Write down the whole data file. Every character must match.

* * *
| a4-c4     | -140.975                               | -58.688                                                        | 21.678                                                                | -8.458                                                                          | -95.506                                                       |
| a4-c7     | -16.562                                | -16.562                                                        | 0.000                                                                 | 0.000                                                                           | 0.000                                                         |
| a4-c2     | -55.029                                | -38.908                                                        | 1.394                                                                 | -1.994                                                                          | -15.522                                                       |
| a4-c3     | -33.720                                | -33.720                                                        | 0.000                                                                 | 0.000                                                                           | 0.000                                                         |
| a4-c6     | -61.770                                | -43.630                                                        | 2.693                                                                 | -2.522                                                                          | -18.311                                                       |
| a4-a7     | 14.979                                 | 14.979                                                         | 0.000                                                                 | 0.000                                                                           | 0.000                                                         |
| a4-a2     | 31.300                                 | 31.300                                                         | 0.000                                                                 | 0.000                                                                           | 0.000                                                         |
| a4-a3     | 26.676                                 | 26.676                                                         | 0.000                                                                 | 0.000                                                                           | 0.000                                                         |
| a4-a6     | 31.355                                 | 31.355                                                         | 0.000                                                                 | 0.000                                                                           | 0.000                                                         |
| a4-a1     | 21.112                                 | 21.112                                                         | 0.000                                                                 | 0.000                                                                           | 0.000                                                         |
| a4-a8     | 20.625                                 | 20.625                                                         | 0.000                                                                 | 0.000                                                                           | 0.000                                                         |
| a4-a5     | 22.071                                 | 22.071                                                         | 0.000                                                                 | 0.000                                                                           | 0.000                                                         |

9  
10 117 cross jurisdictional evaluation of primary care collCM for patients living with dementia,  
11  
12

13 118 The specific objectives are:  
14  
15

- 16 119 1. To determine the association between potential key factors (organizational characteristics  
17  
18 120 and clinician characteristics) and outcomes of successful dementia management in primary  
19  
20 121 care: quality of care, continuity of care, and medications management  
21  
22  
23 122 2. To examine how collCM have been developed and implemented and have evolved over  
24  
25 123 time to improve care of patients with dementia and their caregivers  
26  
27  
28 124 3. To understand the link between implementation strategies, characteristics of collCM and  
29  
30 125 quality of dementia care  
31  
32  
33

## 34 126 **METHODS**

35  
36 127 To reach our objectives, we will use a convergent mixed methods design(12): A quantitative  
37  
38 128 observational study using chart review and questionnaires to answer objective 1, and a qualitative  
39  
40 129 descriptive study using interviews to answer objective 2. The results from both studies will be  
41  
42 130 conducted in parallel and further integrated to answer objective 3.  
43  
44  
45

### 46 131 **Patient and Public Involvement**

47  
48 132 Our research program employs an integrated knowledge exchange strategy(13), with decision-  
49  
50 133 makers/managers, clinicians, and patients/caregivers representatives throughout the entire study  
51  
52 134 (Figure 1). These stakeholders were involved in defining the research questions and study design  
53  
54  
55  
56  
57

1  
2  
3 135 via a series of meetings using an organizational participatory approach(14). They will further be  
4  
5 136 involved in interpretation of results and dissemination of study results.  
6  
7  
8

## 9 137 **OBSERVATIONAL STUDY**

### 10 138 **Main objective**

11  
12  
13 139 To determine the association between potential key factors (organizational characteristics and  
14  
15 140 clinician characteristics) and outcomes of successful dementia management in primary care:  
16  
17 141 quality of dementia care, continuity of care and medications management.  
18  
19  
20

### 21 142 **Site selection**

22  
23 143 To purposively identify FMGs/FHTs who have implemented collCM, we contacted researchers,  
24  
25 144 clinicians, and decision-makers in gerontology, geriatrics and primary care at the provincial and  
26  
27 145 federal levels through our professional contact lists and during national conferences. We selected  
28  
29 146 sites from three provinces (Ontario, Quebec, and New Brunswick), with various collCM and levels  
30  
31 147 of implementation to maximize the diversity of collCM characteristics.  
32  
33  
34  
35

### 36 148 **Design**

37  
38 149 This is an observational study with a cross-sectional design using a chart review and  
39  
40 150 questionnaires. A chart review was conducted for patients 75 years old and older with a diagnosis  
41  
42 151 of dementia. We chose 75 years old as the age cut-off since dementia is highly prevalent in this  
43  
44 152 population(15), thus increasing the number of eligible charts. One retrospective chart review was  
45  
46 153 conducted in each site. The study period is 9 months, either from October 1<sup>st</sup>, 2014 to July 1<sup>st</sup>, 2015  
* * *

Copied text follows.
| a4-c4     | -140.975                               | -58.688                                                        | 21.678                                                                | -8.458                                                                          | -95.506                                                       |
| a4-c7     | -16.562                                | -16.562                                                        | 0.000                                                                 | 0.000                                                                           | 0.000                                                         |
| a4-c2     | -55.029                                | -38.908                                                        | 1.394                                                                 | -1.994                                                                          | -15.522                                                       |
| a4-c3     | -33.720                                | -33.720                                                        | 0.000                                                                 | 0.000                                                                           | 0.000                                                         |
| a4-c6     | -61.770                                | -43.630                                                        | 2.693                                                                 | -2.522                                                                          | -18.311                                                       |
| a4-a7     | 14.979                                 | 14.979                                                         | 0.000                                                                 | 0.000                                                                           | 0.000                                                         |
| a4-a2     | 31.300                                 | 31.300                                                         | 0.000                                                                 | 0.000                                                                           | 0.000                                                         |
| a4-a3     | 26.676                                 | 26.676                                                         | 0.000                                                                 | 0.000                                                                           | 0.000                                                         |
| a4-a6     | 31.355                                 | 31.355                                                         | 0.000                                                                 | 0.000                                                                           | 0.000                                                         |
| a4-a1     | 21.112                                 | 21.112                                                         | 0.000                                                                 | 0.000                                                                           | 0.000                                                         |
| a4-a8     | 20.625                                 | 20.625                                                         | 0.000                                                                 | 0.000                                                                           | 0.000                                                         |
| a4-a5     | 22.071                                 | 22.071                                                         | 0.000                                                                 | 0.000                                                                           | 0.000                                                         |

9  
10 117 cross jurisdictional evaluation of primary care collCM for patients living with dementia,  
11  
12

13 118 The specific objectives are:  
14  
15

- 16 119 1. To determine the association between potential key factors (organizational characteristics  
17  
18 120 and clinician characteristics) and outcomes of successful dementia management in primary  
19  
20 121 care: quality of care, continuity of care, and medications management  
21  
22  
23 122 2. To examine how collCM have been developed and implemented and have evolved over  
24  
25 123 time to improve care of patients with dementia and their caregivers  
26  
27  
28 124 3. To understand the link between implementation strategies, characteristics of collCM and  
29  
30 125 quality of dementia care  
31  
32  
33

## 34 126 **METHODS**

35  
36 127 To reach our objectives, we will use a convergent mixed methods design(12): A quantitative  
37  
38 128 observational study using chart review and questionnaires to answer objective 1, and a qualitative  
39  
40 129 descriptive study using interviews to answer objective 2. The results from both studies will be  
41  
42 130 conducted in parallel and further integrated to answer objective 3.  
43  
44  
45

### 46 131 **Patient and Public Involvement**

47  
48 132 Our research program employs an integrated knowledge exchange strategy(13), with decision-  
49  
50 133 makers/managers, clinicians, and patients/caregivers representatives throughout the entire study  
51  
52 134 (Figure 1). These stakeholders were involved in defining the research questions and study design  
53  
54  
55  
56  
57

1  
2  
3 135 via a series of meetings using an organizational participatory approach(14). They will further be  
4  
5 136 involved in interpretation of results and dissemination of study results.  
6  
7  
8

## 9 137 **OBSERVATIONAL STUDY**

### 10 138 **Main objective**

11  
12  
13 139 To determine the association between potential key factors (organizational characteristics and  
14  
15 140 clinician characteristics) and outcomes of successful dementia management in primary care:  
16  
17 141 quality of dementia care, continuity of care and medications management.  
18  
19  
20

### 21 142 **Site selection**

22  
23 143 To purposively identify FMGs/FHTs who have implemented collCM, we contacted researchers,  
24  
25 144 clinicians, and decision-makers in gerontology, geriatrics and primary care at the provincial and  
26  
27 145 federal levels through our professional contact lists and during national conferences. We selected  
28  
29 146 sites from three provinces (Ontario, Quebec, and New Brunswick), with various collCM and levels  
30  
31 147 of implementation to maximize the diversity of collCM characteristics.  
32  
33  
34  
35

### 36 148 **Design**

37  
38 149 This is an observational study with a cross-sectional design using a chart review and  
39  
40 150 questionnaires. A chart review was conducted for patients 75 years old and older with a diagnosis  
41  
42 151 of dementia. We chose 75 years old as the age cut-off since dementia is highly prevalent in this  
43  
44 152 population(15), thus increasing the number of eligible charts. One retrospective chart review was  
45  
46 153 conducted in each site. The study period is 9 months, either from October 1<sup>st</sup>, 2014 to July 1<sup>st</sup>, 2015  